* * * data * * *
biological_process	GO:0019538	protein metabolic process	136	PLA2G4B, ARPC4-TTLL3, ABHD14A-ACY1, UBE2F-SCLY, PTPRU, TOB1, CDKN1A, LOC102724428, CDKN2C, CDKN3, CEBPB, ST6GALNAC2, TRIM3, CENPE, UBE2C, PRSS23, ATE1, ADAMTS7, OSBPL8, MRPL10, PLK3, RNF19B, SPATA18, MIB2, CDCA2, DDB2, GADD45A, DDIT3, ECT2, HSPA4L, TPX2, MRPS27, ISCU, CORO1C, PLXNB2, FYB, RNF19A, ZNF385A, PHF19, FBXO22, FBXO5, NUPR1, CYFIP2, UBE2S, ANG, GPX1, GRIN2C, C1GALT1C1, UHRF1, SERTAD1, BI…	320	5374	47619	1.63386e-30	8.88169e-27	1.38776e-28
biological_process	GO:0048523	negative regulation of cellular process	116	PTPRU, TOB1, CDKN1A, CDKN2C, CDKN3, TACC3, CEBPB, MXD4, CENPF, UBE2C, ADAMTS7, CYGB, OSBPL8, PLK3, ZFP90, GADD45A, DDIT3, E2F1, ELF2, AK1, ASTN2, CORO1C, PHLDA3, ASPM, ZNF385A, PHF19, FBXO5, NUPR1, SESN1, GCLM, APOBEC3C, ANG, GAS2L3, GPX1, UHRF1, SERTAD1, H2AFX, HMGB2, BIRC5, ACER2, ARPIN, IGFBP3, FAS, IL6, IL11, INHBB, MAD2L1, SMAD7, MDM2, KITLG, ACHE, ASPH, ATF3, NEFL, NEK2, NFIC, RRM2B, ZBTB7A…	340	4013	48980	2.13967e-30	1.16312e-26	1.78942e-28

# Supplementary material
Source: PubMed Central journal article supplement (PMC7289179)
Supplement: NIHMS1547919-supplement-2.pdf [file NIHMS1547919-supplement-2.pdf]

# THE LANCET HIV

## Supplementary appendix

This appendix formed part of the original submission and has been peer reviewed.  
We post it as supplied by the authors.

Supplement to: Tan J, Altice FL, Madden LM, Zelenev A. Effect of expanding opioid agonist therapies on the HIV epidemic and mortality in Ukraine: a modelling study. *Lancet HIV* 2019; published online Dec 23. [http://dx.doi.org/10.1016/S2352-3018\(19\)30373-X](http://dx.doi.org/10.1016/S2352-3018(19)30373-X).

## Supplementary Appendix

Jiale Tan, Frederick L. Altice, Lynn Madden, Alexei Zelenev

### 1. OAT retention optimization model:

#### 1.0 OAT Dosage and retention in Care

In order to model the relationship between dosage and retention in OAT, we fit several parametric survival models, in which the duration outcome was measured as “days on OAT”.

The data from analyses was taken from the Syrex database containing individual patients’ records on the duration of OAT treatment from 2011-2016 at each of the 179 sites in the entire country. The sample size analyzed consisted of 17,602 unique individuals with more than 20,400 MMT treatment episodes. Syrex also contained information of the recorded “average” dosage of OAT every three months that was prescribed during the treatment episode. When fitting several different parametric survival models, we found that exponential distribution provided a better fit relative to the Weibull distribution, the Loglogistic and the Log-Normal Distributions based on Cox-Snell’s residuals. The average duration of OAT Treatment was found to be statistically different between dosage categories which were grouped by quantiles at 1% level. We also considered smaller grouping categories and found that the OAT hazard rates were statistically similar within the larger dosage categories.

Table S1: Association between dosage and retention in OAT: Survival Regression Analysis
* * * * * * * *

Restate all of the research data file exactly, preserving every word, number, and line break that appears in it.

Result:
biological_process	GO:0019538	protein metabolic process	136	PLA2G4B, ARPC4-TTLL3, ABHD14A-ACY1, UBE2F-SCLY, PTPRU, TOB1, CDKN1A, LOC102724428, CDKN2C, CDKN3, CEBPB, ST6GALNAC2, TRIM3, CENPE, UBE2C, PRSS23, ATE1, ADAMTS7, OSBPL8, MRPL10, PLK3, RNF19B, SPATA18, MIB2, CDCA2, DDB2, GADD45A, DDIT3, ECT2, HSPA4L, TPX2, MRPS27, ISCU, CORO1C, PLXNB2, FYB, RNF19A, ZNF385A, PHF19, FBXO22, FBXO5, NUPR1, CYFIP2, UBE2S, ANG, GPX1, GRIN2C, C1GALT1C1, UHRF1, SERTAD1, BI…	320	5374	47619	1.63386e-30	8.88169e-27	1.38776e-28
biological_process	GO:0048523	negative regulation of cellular process	116	PTPRU, TOB1, CDKN1A, CDKN2C, CDKN3, TACC3, CEBPB, MXD4, CENPF, UBE2C, ADAMTS7, CYGB, OSBPL8, PLK3, ZFP90, GADD45A, DDIT3, E2F1, ELF2, AK1, ASTN2, CORO1C, PHLDA3, ASPM, ZNF385A, PHF19, FBXO5, NUPR1, SESN1, GCLM, APOBEC3C, ANG, GAS2L3, GPX1, UHRF1, SERTAD1, H2AFX, HMGB2, BIRC5, ACER2, ARPIN, IGFBP3, FAS, IL6, IL11, INHBB, MAD2L1, SMAD7, MDM2, KITLG, ACHE, ASPH, ATF3, NEFL, NEK2, NFIC, RRM2B, ZBTB7A…	340	4013	48980	2.13967e-30	1.16312e-26	1.78942e-28

# Supplementary material
Source: PubMed Central journal article supplement (PMC7289179)
Supplement: NIHMS1547919-supplement-2.pdf [file NIHMS1547919-supplement-2.pdf]

# THE LANCET HIV

## Supplementary appendix

This appendix formed part of the original submission and has been peer reviewed.  
We post it as supplied by the authors.

Supplement to: Tan J, Altice FL, Madden LM, Zelenev A. Effect of expanding opioid agonist therapies on the HIV epidemic and mortality in Ukraine: a modelling study. *Lancet HIV* 2019; published online Dec 23. [http://dx.doi.org/10.1016/S2352-3018\(19\)30373-X](http://dx.doi.org/10.1016/S2352-3018(19)30373-X).

## Supplementary Appendix

Jiale Tan, Frederick L. Altice, Lynn Madden, Alexei Zelenev

### 1. OAT retention optimization model:

#### 1.0 OAT Dosage and retention in Care

In order to model the relationship between dosage and retention in OAT, we fit several parametric survival models, in which the duration outcome was measured as “days on OAT”.

The data from analyses was taken from the Syrex database containing individual patients’ records on the duration of OAT treatment from 2011-2016 at each of the 179 sites in the entire country. The sample size analyzed consisted of 17,602 unique individuals with more than 20,400 MMT treatment episodes. Syrex also contained information of the recorded “average” dosage of OAT every three months that was prescribed during the treatment episode. When fitting several different parametric survival models, we found that exponential distribution provided a better fit relative to the Weibull distribution, the Loglogistic and the Log-Normal Distributions based on Cox-Snell’s residuals. The average duration of OAT Treatment was found to be statistically different between dosage categories which were grouped by quantiles at 1% level. We also considered smaller grouping categories and found that the OAT hazard rates were statistically similar within the larger dosage categories.

Table S1: Association between dosage and retention in OAT: Survival Regression Analysis